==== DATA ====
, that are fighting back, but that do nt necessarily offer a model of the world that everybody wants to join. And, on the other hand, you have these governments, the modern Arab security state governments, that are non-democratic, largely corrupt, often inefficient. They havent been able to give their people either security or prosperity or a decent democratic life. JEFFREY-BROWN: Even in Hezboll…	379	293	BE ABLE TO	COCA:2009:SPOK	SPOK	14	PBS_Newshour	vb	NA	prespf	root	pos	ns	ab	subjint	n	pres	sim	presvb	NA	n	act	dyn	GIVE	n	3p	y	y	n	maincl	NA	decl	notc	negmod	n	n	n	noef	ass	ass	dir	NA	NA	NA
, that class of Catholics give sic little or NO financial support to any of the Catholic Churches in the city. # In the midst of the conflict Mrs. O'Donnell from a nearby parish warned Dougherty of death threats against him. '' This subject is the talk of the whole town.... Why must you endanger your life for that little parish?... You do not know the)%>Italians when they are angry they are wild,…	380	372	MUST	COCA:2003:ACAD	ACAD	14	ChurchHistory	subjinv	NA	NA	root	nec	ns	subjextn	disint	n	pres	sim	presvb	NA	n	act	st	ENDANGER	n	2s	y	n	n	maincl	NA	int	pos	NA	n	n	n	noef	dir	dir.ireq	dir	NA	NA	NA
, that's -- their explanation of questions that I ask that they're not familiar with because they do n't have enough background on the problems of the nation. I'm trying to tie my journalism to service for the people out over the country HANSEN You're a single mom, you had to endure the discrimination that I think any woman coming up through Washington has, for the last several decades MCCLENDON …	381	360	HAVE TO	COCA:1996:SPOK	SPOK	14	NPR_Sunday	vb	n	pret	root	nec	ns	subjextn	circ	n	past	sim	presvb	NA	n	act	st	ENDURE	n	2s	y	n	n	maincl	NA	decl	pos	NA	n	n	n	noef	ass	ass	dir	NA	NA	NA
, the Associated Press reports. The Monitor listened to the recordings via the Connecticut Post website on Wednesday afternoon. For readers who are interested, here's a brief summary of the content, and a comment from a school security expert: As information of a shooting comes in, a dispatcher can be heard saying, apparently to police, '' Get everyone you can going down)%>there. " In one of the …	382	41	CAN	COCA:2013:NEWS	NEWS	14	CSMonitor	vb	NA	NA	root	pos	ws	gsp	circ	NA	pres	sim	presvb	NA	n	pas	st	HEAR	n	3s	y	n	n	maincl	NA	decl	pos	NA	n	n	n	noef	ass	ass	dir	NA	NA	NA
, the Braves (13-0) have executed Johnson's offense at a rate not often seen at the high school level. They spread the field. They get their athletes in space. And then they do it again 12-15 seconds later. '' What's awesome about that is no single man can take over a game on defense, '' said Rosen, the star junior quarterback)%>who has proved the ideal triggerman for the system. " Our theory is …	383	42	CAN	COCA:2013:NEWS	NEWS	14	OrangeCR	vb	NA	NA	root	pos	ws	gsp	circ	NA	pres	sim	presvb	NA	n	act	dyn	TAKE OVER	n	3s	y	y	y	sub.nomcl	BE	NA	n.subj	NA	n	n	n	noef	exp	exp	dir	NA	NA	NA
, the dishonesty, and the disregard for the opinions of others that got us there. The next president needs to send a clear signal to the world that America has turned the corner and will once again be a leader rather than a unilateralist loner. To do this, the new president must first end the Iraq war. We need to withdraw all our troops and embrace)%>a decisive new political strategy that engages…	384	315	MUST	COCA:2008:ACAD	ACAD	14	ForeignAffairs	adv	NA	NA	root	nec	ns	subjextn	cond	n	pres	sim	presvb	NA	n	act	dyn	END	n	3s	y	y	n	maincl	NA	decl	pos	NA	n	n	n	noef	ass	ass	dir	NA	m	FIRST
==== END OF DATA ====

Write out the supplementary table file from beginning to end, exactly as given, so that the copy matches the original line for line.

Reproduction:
, that are fighting back, but that do nt necessarily offer a model of the world that everybody wants to join. And, on the other hand, you have these governments, the modern Arab security state governments, that are non-democratic, largely corrupt, often inefficient. They havent been able to give their people either security or prosperity or a decent democratic life. JEFFREY-BROWN: Even in Hezboll…	379	293	BE ABLE TO	COCA:2009:SPOK	SPOK	14	PBS_Newshour	vb	NA	prespf	root	pos	ns	ab	subjint	n	pres	sim	presvb	NA	n	act	dyn	GIVE	n	3p	y	y	n	maincl	NA	decl	notc	negmod	n	n	n	noef	ass	ass	dir	NA	NA	NA
, that class of Catholics give sic little or NO financial support to any of the Catholic Churches in the city. # In the midst of the conflict Mrs. O'Donnell from a nearby parish warned Dougherty of death threats against him. '' This subject is the talk of the whole town.... Why must you endanger your life for that little parish?... You do not know the)%>Italians when they are angry they are wild,…	380	372	MUST	COCA:2003:ACAD	ACAD	14	ChurchHistory	subjinv	NA	NA	root	nec	ns	subjextn	disint	n	pres	sim	presvb	NA	n	act	st	ENDANGER	n	2s	y	n	n	maincl	NA	int	pos	NA	n	n	n	noef	dir	dir.ireq	dir	NA	NA	NA
, that's -- their explanation of questions that I ask that they're not familiar with because they do n't have enough background on the problems of the nation. I'm trying to tie my journalism to service for the people out over the country HANSEN You're a single mom, you had to endure the discrimination that I think any woman coming up through Washington has, for the last several decades MCCLENDON …	381	360	HAVE TO	COCA:1996:SPOK	SPOK	14	NPR_Sunday	vb	n	pret	root	nec	ns	subjextn	circ	n	past	sim	presvb	NA	n	act	st	ENDURE	n	2s	y	n	n	maincl	NA	decl	pos	NA	n	n	n	noef	ass	ass	dir	NA	NA	NA
, the Associated Press reports. The Monitor listened to the recordings via the Connecticut Post website on Wednesday afternoon. For readers who are interested, here's a brief summary of the content, and a comment from a school security expert: As information of a shooting comes in, a dispatcher can be heard saying, apparently to police, '' Get everyone you can going down)%>there. " In one of the …	382	41	CAN	COCA:2013:NEWS	NEWS	14	CSMonitor	vb	NA	NA	root	pos	ws	gsp	circ	NA	pres	sim	presvb	NA	n	pas	st	HEAR	n	3s	y	n	n	maincl	NA	decl	pos	NA	n	n	n	noef	ass	ass	dir	NA	NA	NA
, the Braves (13-0) have executed Johnson's offense at a rate not often seen at the high school level. They spread the field. They get their athletes in space. And then they do it again 12-15 seconds later. '' What's awesome about that is no single man can take over a game on defense, '' said Rosen, the star junior quarterback)%>who has proved the ideal triggerman for the system. " Our theory is …	383	42	CAN	COCA:2013:NEWS	NEWS	14	OrangeCR	vb	NA	NA	root	pos	ws	gsp	circ	NA	pres	sim	presvb	NA	n	act	dyn	TAKE OVER	n	3s	y	y	y	sub.nomcl	BE	NA	n.subj	NA	n	n	n	noef	exp	exp	dir	NA	NA	NA
, the dishonesty, and the disregard for the opinions of others that got us there. The next president needs to send a clear signal to the world that America has turned the corner and will once again be a leader rather than a unilateralist loner. To do this, the new president must first end the Iraq war. We need to withdraw all our troops and embrace)%>a decisive new political strategy that engages…	384	315	MUST	COCA:2008:ACAD	ACAD	14	ForeignAffairs	adv	NA	NA	root	nec	ns	subjextn	cond	n	pres	sim	presvb	NA	n	act	dyn	END	n	3s	y	y	n	maincl	NA	decl	pos	NA	n	n	n	noef	ass	ass	dir	NA	m	FIRST